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Post-Paris climate future: the role of nature-based solutions

Pick Your Climate demonstration. Cool  Paris (c)  Troy David Johnston


For the first time ever, the world’s governments have reached a global agreement to reduce carbon dioxide emissions and keep the global average temperature rise below 2°C. Consensus at the UN climate summit in Paris (COP21) is to drive efforts to limit the temperature increase even further to 1.5°C above pre-industrial levels.     

 The climate promises made in Paris are much welcomed, but the critical next step is to ensure that the targets can be met. Much needs to be done, as the current rate of greenhouse gas emissions predicts a global warming of 3°C.
                                                                                                                                                               According to the agreement, each country will develop national strategies to reduce their greenhouse gas emissions by 2020, and by 2050 there should be no carbon dioxide emissions. Nations will assess their own progress every second year, and every five years they will report to UN’s climate secretariat.

         Ephemeral floodplain lakes. Naree Station Reserve Australia. (c) Penelope Figgis. 

The process of reducing our reliance on fossil fuels must not threaten the health of ecosystems. Natural ecosystems can in fact be powerful allies in the fight against climate change, so reducing the degradation of natural ecosystems should be one of our key priorities.

Nature-based solutions include managing ecosystems so they can function most effectively, for example, absorbing excessive carbon dioxide from the atmosphere and storing it in biomass and soils. Terrestrial ecosystems store almost three times the amount of carbon found in the atmosphere, while healthy oceans absorb over 25% of annual carbon dioxide emissions.

Degraded ecosystems have a reduced capacity to absorb and store carbon, and can become net carbon emitters. This highlights the importance of reducing deforestation, desertification, and the destruction of natural wetlands. Nature-based solutions can also offer protection against disasters; for example, planting trees on mountains can reduce the risk of landslides, rock falls and avalanches following an earthquake.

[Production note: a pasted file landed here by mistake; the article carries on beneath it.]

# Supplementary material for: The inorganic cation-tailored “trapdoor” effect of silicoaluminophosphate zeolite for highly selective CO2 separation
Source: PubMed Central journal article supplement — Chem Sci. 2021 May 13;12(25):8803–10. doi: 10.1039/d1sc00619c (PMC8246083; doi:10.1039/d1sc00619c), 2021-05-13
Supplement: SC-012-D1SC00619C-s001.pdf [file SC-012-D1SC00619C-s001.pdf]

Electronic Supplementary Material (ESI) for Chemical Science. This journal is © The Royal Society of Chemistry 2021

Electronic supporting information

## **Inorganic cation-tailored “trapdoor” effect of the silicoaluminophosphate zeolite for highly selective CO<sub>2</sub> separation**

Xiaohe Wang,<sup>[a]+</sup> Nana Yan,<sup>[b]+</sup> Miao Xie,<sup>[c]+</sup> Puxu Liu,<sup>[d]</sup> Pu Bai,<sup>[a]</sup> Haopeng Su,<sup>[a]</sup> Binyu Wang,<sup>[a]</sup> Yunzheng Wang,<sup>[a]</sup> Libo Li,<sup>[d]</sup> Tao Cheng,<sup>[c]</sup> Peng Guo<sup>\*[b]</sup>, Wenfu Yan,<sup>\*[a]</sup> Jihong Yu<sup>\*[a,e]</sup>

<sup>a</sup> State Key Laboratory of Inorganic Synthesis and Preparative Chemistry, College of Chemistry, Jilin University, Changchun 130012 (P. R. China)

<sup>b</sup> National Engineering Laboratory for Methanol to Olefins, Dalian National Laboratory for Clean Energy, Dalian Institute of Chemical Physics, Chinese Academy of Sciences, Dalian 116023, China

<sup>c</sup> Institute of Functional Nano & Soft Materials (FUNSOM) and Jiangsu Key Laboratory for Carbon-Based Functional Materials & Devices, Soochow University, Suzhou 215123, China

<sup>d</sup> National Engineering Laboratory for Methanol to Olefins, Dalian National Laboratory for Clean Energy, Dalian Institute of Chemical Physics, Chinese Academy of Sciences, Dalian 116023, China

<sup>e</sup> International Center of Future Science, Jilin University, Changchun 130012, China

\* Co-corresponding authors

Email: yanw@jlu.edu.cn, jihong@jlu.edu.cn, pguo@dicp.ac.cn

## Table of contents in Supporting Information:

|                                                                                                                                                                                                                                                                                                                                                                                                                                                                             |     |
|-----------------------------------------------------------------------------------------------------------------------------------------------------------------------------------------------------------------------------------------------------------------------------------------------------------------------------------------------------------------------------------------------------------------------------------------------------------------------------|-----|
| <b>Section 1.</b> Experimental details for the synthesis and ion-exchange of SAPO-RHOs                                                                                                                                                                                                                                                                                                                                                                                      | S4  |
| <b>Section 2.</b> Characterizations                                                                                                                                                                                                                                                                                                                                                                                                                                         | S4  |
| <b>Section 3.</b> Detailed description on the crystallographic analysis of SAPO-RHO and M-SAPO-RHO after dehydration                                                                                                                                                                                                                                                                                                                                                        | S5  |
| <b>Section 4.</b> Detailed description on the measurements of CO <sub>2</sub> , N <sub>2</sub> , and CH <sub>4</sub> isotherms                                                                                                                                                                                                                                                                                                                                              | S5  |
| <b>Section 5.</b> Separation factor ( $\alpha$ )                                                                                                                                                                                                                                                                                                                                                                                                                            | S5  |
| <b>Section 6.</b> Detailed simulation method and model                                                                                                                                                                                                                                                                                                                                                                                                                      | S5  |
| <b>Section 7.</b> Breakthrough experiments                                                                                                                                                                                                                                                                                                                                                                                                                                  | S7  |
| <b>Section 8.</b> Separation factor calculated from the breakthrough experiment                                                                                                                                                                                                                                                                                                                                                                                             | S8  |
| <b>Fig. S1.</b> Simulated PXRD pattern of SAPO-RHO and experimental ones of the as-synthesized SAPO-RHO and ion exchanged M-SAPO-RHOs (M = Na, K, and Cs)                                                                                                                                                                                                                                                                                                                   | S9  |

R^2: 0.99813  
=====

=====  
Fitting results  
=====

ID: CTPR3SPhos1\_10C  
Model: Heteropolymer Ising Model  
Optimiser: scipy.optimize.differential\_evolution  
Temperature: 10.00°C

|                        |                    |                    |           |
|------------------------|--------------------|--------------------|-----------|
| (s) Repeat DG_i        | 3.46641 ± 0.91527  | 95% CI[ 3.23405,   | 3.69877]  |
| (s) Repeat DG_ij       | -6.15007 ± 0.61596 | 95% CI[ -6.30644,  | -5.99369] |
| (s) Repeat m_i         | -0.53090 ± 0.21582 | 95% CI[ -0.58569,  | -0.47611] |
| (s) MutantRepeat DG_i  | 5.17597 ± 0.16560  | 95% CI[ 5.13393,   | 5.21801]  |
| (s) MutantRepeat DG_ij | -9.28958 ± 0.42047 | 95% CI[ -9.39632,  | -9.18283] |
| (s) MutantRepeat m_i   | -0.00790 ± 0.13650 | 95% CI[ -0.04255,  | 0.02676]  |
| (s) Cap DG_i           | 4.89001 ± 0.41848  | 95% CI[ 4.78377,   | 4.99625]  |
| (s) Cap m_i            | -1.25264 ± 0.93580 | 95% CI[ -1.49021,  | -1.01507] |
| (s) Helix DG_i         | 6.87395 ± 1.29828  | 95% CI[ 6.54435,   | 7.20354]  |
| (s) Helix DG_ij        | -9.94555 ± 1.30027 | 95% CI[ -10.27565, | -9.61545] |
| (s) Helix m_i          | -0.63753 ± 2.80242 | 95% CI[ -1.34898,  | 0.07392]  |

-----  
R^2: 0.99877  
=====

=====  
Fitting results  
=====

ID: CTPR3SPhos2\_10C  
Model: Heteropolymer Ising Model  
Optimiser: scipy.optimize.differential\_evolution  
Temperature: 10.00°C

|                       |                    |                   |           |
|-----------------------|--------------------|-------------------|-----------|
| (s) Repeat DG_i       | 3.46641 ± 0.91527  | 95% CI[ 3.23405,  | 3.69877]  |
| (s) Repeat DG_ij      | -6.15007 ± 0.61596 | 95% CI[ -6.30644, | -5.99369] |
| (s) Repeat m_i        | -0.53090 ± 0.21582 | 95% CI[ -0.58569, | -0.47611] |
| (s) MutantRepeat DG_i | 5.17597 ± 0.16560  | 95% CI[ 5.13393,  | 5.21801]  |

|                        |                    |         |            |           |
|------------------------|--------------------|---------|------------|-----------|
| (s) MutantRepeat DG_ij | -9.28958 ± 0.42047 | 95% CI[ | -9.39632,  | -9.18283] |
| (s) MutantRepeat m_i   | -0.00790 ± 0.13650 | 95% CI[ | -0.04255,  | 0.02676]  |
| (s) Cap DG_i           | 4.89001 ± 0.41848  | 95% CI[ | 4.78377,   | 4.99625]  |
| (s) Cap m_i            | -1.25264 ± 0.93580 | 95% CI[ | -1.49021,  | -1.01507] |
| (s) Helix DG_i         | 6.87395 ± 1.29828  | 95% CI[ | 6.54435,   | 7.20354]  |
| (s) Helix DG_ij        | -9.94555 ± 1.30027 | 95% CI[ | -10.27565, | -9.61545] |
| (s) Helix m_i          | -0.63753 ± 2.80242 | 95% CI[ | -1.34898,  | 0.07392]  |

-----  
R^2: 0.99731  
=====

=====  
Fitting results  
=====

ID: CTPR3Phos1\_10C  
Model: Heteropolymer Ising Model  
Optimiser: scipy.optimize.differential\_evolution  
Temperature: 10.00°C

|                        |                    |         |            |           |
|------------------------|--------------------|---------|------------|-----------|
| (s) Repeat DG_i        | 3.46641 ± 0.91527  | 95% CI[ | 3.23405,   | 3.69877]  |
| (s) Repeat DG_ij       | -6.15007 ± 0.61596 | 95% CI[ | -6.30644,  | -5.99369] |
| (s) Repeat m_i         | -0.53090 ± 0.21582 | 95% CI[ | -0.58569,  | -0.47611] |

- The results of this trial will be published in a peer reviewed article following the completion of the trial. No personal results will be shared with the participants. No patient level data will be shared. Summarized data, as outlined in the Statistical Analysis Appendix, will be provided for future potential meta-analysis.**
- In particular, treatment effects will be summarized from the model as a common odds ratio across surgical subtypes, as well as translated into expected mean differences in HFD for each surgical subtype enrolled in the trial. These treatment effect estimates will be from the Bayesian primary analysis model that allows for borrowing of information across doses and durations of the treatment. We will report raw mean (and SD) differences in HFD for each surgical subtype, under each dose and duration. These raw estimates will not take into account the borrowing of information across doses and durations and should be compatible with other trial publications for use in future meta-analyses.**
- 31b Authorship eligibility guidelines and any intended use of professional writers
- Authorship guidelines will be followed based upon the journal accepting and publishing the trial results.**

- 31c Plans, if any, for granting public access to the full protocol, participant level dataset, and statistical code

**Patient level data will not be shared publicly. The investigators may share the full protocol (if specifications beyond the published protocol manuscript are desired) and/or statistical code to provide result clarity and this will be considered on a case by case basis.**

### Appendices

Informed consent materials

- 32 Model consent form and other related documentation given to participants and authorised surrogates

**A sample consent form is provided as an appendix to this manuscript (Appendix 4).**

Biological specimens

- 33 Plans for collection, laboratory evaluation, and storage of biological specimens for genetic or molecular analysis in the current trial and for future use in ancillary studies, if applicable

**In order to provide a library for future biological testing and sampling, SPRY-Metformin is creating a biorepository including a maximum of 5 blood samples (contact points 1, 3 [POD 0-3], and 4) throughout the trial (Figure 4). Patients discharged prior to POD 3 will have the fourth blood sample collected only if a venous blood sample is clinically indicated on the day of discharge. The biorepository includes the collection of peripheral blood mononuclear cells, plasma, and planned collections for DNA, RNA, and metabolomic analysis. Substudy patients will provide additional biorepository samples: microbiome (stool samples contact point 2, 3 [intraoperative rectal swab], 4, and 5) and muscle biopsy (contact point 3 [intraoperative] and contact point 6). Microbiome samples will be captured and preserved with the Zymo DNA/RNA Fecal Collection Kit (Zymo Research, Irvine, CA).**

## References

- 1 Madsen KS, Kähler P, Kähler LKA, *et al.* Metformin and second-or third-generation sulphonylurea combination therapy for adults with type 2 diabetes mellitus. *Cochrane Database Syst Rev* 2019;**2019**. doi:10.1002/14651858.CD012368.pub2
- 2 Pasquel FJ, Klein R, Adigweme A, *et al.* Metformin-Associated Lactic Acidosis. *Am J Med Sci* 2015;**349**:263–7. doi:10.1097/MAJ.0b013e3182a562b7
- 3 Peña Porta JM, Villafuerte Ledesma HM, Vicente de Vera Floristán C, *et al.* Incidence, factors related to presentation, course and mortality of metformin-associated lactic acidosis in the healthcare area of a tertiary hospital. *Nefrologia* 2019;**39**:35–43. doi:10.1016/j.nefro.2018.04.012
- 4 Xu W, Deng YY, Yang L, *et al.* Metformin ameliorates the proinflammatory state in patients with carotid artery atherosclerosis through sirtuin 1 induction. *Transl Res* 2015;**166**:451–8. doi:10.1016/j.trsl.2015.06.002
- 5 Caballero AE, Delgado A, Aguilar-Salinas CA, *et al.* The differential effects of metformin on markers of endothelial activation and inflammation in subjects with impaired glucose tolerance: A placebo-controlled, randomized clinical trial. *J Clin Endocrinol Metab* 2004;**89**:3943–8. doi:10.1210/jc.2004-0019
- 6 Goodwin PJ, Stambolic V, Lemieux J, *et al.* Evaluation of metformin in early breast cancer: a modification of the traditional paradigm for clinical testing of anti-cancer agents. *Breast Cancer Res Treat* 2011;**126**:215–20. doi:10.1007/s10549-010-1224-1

Antartica (c) Austronesian Expeditions


Blue Carbon refers to coastal vegetation and natural features such as sand dunes, boulders, mangroves, and sea grass beds. The natural coastal environment offers protection from storm surges, strong winds and tsunamis while supporting biodiversity by providing habitats for species. In addition to facilitating climate change adaptation and mitigation, nature-based solutions enhance human livelihoods by offering local employment and economic opportunities that are ultimately based on the natural environment.


Mangrove (c) Bachellier Christian

When considering the services provided by ecosystems, it is clear that nature-based solutions are more cost-effective than man-made technical engineering solutions. Investing in the sustainable management of ecosystems today can pay off in the long-term through enhanced resilience to climate change, natural hazards and disasters such as droughts, famines and sea level rise.

The IUCN Red List of Ecosystems is a practical tool for scientifically assessing the status of ecosystems. Red List of Ecosystems assessments have already identified climate change as a key threat to many ecosystems. In this rapidly changing world, reliable assessments of ecosystem status will raise awareness about threats to ecosystems and the resulting impacts on human well-being, as well as demonstrating how improved ecosystem management can reduce risks, enhance resilience, and promote adaptation.

Provita Dec 20, 2015


IUCN Red List of Ecosystems


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